It also provides half-day workshops every other month for member nonprofits on topics such as how to manage volunteers, work with boards of directors, and raise money.

It works with a Corporate Volunteer Council that brings together corporations with strong volunteer programs on a monthly basis to exchange ideas and talk about their programs.

Swaim says she hopes to expand the Council by enlisting small and mid-sized businesses that want to build volunteer programs, with larger companies serving as mentors for the smaller businesses on volunteer issues, and with all the companies volunteering as a group on community projects.

The Volunteer Center, which is housed in the offices of United Way, will be working with United Way to strengthen the partnership between the two agencies and boost volunteerism in the community, says Swaim, a former leadership giving manager for United Way.

On Oct. 30, the Center held its annual dinner to recognize volunteer service, an event that attracted 150 people and raised $5,000 through a silent auction.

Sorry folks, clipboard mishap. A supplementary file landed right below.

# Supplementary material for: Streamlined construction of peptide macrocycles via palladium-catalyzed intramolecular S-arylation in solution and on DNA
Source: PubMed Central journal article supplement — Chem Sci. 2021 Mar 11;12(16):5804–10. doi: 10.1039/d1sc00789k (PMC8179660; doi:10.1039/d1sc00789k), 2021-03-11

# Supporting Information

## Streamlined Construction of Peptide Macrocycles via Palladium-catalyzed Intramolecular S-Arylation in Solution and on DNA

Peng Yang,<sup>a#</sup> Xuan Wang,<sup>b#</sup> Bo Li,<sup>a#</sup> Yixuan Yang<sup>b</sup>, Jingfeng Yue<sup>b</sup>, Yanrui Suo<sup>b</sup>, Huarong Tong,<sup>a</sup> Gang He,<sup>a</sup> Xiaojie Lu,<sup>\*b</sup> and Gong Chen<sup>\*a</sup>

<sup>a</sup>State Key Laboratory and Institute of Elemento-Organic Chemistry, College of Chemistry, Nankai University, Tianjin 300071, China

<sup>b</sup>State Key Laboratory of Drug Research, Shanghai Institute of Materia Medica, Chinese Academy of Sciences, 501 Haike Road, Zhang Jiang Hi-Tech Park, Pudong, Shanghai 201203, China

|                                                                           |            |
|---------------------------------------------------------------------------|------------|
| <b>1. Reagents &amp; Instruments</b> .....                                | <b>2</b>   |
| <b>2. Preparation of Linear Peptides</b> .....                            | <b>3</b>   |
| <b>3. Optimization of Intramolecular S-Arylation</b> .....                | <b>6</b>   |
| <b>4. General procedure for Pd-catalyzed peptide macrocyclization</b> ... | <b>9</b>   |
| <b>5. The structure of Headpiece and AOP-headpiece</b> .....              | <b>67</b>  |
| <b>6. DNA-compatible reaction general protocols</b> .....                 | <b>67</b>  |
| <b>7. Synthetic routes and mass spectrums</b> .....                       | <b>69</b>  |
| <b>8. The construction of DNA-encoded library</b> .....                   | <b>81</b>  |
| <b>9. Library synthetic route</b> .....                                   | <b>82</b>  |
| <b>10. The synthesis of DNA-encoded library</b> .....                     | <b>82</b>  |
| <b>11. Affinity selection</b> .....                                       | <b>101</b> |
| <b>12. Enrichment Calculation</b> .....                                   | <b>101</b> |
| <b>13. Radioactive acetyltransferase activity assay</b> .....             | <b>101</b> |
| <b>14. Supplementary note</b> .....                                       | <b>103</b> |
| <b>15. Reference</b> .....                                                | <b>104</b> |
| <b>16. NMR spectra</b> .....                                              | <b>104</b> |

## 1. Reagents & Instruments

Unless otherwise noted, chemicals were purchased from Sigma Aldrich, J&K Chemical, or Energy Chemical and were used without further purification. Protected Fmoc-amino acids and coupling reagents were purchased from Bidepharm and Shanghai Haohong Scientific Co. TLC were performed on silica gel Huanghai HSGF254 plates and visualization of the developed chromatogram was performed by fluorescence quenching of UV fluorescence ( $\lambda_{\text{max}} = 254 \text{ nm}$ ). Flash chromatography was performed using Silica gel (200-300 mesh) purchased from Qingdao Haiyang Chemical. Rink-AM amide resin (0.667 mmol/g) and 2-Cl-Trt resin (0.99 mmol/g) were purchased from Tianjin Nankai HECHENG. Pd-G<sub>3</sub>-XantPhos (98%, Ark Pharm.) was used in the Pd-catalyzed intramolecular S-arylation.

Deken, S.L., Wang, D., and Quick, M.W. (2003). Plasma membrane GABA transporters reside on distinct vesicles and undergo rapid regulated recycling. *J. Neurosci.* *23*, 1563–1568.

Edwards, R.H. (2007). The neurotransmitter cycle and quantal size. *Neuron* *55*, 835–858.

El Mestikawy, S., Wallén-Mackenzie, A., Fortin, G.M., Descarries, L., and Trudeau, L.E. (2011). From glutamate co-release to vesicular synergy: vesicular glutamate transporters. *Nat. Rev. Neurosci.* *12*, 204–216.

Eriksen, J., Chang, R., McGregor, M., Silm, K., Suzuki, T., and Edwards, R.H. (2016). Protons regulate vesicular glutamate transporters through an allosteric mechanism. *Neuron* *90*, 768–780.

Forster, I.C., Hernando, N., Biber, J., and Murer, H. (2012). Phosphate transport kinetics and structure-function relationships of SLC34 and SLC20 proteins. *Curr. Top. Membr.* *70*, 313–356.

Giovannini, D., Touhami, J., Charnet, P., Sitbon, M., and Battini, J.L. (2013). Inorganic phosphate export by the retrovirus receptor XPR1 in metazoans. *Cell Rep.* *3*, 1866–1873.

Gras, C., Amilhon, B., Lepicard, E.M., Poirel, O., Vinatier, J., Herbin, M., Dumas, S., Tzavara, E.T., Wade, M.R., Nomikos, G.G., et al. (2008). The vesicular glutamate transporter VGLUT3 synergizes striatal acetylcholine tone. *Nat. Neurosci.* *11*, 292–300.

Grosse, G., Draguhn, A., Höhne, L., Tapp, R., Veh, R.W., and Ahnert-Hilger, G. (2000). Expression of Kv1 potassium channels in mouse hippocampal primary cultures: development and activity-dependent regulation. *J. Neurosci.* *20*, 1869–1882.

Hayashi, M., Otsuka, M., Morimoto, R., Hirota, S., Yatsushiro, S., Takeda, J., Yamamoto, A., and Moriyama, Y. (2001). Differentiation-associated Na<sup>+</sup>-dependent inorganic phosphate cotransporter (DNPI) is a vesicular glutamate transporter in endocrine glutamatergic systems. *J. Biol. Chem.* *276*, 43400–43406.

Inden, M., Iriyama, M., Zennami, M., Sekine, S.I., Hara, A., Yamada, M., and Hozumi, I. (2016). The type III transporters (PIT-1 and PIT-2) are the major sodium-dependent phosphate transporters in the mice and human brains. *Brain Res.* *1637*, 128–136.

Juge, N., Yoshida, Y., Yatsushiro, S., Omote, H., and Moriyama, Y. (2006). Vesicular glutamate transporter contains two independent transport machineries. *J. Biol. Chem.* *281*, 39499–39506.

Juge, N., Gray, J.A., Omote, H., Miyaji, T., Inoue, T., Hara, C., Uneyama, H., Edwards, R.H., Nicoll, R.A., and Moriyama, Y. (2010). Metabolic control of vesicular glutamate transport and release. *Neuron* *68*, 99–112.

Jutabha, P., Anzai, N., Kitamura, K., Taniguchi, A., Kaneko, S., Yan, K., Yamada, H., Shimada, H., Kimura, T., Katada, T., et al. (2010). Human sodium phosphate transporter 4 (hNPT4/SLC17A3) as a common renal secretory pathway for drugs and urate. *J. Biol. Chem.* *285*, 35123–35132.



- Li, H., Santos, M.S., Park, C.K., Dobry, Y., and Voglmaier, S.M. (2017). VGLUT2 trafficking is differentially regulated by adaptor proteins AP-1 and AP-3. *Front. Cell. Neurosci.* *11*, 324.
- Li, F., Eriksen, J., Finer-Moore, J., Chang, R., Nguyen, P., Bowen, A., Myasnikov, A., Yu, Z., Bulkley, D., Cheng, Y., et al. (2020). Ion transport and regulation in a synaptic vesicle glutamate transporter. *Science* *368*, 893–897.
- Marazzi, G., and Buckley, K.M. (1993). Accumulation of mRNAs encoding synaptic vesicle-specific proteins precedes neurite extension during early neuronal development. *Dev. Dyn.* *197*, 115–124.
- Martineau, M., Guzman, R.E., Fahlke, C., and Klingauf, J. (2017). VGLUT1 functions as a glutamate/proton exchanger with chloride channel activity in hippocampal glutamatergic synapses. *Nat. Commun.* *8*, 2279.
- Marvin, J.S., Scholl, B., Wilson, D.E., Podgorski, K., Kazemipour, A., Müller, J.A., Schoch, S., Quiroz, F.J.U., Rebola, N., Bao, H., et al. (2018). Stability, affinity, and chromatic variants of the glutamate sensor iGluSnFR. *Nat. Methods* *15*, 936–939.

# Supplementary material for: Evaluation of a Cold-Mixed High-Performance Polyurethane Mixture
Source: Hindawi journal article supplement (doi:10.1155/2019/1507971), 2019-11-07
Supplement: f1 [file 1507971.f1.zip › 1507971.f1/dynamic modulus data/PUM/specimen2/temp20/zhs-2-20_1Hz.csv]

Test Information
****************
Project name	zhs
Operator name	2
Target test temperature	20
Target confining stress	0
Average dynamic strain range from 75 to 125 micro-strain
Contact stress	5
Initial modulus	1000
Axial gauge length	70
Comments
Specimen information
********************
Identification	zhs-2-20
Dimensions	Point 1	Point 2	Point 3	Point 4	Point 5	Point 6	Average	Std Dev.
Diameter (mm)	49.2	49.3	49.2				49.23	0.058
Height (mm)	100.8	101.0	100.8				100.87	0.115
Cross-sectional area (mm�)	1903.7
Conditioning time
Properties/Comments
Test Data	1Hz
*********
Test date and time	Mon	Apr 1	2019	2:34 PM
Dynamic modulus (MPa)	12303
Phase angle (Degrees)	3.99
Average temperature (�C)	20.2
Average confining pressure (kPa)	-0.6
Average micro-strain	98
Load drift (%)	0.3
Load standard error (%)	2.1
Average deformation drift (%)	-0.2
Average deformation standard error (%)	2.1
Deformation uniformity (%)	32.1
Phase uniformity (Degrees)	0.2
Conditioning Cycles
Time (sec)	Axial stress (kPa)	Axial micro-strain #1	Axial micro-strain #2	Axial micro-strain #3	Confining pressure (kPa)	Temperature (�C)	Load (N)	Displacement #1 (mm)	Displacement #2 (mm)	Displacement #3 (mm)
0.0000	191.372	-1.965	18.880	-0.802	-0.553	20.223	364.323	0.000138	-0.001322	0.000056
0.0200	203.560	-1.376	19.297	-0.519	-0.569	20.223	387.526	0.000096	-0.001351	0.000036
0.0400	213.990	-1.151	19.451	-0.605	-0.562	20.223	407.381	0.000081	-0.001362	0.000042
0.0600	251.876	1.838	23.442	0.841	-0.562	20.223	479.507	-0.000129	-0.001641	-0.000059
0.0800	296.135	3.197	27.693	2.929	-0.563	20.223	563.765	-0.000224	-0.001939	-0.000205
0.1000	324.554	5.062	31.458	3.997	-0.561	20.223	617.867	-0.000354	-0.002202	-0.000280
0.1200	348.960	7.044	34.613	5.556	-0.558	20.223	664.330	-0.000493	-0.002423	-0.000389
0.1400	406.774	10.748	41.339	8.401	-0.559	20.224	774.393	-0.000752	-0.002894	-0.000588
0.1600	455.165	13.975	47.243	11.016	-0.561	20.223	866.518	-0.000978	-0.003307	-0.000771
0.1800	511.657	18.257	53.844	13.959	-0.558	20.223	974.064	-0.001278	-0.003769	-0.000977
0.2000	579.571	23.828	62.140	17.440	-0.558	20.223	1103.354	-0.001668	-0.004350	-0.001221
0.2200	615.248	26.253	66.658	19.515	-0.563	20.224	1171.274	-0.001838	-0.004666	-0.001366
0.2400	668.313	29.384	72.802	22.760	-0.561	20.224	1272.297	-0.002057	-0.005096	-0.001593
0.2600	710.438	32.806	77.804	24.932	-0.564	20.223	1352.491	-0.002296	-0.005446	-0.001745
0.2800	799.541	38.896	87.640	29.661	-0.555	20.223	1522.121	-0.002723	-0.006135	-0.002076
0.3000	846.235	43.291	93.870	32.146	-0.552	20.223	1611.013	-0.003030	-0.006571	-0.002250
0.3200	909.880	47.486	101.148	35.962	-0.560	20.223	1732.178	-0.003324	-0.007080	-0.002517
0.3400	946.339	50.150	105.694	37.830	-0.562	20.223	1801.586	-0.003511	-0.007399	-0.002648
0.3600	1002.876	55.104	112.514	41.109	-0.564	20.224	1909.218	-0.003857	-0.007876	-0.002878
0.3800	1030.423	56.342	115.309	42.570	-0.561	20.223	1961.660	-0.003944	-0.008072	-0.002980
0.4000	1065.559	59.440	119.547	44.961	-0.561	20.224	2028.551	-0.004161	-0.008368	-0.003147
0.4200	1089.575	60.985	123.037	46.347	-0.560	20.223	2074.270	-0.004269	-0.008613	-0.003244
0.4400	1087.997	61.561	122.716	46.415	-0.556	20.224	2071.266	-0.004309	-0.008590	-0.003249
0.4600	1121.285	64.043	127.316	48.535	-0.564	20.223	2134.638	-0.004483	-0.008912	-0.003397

Swaim says the Center will be working to develop a brand it can use to market itself so people turn to it as a one-stop shop for volunteerism in the community.

“We want to strengthen our recognition,” she says.

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Pro-bono work tops nonprofits’ volunteer needs

Nonprofits need pro-bono services to improve their operational infrastructure far more than they need hands-on support delivering services directly to the community either from skills-based or traditional volunteers, a new survey says.

Still, nonprofits face challenges making productive use of volunters, says the Pro Bono Readiness Survey conducted by LBG Research Institute for a collaborative convened by Capital One Financial Corporation and including Common Impact, Points of Light and the Taproot Foundation.

While 66 percent of 1,348 nonprofits surveyed said they need pro-bono services more than any other volunteer service, roughly 73 percent said they would be more likely to see pro-bono suport if they could identify specific projects and better understand how volounteer time can be used to improve their infrastructure.

Forty-eight percent of nonprofit surveyed, for example, did not know external resources are available to assess capacity-building and infrastructure issues.